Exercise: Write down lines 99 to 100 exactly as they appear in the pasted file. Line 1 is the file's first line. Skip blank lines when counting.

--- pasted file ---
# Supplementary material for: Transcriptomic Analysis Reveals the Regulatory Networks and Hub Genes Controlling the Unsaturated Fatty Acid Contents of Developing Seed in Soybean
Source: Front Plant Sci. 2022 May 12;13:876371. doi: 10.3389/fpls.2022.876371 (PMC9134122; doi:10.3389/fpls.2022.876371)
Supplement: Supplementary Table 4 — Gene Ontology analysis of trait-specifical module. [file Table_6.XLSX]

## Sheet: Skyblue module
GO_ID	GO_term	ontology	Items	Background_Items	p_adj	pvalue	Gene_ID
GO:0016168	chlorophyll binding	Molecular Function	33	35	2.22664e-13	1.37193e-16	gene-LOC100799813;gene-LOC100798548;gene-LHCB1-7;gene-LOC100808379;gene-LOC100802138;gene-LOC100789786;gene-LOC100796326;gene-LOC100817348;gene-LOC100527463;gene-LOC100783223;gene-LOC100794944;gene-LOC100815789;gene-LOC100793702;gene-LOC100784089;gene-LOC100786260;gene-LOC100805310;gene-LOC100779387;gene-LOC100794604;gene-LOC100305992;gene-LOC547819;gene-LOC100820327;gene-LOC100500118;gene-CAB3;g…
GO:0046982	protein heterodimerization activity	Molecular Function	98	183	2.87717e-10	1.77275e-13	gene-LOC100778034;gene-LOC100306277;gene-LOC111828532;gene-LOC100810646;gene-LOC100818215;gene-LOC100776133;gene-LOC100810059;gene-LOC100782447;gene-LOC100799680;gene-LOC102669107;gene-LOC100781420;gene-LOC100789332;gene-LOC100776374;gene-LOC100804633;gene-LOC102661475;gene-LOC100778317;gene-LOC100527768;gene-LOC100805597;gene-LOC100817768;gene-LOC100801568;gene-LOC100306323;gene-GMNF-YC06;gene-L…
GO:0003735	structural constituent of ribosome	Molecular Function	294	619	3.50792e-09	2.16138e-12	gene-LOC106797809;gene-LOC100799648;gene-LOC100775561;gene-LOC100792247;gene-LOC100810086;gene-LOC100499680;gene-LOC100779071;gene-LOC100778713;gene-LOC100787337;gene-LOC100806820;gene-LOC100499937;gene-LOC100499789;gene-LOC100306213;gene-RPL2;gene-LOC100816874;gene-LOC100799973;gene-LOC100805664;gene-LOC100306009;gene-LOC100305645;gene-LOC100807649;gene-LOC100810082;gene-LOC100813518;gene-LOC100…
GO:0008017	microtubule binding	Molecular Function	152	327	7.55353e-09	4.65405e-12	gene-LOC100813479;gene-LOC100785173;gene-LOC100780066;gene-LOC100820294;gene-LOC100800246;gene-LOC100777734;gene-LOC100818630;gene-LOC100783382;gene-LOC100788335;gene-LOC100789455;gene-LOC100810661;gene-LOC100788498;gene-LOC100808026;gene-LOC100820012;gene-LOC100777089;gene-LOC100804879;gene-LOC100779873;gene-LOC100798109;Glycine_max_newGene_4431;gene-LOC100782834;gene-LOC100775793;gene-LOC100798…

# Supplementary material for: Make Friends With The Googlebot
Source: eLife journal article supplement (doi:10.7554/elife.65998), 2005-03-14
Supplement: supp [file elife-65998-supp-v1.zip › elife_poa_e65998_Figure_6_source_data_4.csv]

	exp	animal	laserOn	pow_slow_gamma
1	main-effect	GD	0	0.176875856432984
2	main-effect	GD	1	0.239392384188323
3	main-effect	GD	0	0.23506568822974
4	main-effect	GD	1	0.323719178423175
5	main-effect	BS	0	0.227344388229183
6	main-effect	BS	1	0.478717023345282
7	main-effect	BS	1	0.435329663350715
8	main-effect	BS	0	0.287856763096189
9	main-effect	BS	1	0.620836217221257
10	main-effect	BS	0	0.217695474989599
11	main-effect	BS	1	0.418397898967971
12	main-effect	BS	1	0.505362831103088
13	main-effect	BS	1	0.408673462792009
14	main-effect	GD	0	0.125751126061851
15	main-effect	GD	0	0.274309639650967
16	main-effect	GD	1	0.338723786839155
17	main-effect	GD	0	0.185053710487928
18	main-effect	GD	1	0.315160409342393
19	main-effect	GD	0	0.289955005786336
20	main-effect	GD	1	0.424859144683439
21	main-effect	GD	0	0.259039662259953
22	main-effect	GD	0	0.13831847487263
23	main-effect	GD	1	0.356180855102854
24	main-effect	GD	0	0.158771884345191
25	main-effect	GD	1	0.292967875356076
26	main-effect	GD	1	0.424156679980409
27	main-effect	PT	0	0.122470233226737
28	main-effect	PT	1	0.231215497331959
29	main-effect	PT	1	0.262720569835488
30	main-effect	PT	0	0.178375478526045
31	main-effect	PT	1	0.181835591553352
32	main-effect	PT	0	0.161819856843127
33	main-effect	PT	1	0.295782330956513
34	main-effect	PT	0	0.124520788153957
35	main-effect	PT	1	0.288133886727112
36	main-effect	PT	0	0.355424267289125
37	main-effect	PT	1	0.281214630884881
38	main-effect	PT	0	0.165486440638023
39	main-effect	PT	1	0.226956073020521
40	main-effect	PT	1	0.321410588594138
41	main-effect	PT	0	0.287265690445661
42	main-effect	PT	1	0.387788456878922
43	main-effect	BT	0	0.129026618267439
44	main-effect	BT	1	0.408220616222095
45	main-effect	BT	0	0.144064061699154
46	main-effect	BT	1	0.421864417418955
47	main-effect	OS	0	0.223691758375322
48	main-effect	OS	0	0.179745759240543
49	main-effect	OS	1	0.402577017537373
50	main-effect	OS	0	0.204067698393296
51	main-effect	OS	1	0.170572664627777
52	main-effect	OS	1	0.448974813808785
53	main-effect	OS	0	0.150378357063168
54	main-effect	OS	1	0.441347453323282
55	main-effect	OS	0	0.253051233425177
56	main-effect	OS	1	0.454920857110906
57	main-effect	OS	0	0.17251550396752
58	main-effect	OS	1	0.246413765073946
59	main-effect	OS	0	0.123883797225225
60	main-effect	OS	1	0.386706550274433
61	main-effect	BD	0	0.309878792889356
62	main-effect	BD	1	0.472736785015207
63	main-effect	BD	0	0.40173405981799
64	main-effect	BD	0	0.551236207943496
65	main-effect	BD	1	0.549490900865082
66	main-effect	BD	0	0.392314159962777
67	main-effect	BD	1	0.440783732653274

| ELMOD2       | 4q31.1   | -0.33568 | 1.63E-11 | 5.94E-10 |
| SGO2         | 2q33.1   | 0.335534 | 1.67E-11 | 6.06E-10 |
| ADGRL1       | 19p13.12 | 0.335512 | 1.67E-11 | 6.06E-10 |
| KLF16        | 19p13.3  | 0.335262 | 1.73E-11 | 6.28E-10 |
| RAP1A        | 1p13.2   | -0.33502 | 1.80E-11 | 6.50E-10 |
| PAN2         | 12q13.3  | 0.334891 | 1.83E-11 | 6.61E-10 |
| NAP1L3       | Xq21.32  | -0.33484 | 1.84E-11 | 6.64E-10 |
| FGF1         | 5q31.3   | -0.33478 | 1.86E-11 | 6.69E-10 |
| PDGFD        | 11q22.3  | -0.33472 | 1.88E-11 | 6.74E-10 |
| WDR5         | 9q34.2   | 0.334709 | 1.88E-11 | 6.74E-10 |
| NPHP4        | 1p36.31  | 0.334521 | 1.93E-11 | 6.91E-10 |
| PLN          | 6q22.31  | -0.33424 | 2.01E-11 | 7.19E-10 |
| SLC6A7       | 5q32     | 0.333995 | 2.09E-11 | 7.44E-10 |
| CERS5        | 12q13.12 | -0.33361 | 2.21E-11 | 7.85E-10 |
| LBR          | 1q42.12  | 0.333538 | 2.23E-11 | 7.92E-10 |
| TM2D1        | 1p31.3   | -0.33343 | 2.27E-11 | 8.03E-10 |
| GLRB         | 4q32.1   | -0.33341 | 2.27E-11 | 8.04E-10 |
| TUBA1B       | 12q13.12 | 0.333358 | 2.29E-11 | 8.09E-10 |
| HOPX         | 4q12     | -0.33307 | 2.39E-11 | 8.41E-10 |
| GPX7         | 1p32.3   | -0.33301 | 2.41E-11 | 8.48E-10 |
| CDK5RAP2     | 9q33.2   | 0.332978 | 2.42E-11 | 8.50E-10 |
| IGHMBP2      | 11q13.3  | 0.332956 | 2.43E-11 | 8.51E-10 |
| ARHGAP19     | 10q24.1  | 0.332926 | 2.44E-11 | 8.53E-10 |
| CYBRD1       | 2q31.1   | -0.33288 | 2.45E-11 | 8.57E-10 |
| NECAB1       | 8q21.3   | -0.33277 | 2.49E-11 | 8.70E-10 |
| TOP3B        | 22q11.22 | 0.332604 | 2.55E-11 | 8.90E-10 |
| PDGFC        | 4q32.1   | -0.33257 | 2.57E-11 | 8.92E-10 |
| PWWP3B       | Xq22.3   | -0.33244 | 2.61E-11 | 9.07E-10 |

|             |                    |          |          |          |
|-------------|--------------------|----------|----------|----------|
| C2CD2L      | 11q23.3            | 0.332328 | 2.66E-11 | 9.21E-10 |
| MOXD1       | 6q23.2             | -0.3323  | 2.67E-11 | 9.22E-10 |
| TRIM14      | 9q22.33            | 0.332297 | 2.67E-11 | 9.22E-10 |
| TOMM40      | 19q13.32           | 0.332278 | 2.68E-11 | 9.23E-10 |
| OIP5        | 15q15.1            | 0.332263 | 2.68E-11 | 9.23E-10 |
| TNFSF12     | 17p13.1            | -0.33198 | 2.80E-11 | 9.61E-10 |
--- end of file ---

| HOPX         | 4q12     | -0.33307 | 2.39E-11 | 8.41E-10 |
| GPX7         | 1p32.3   | -0.33301 | 2.41E-11 | 8.48E-10 |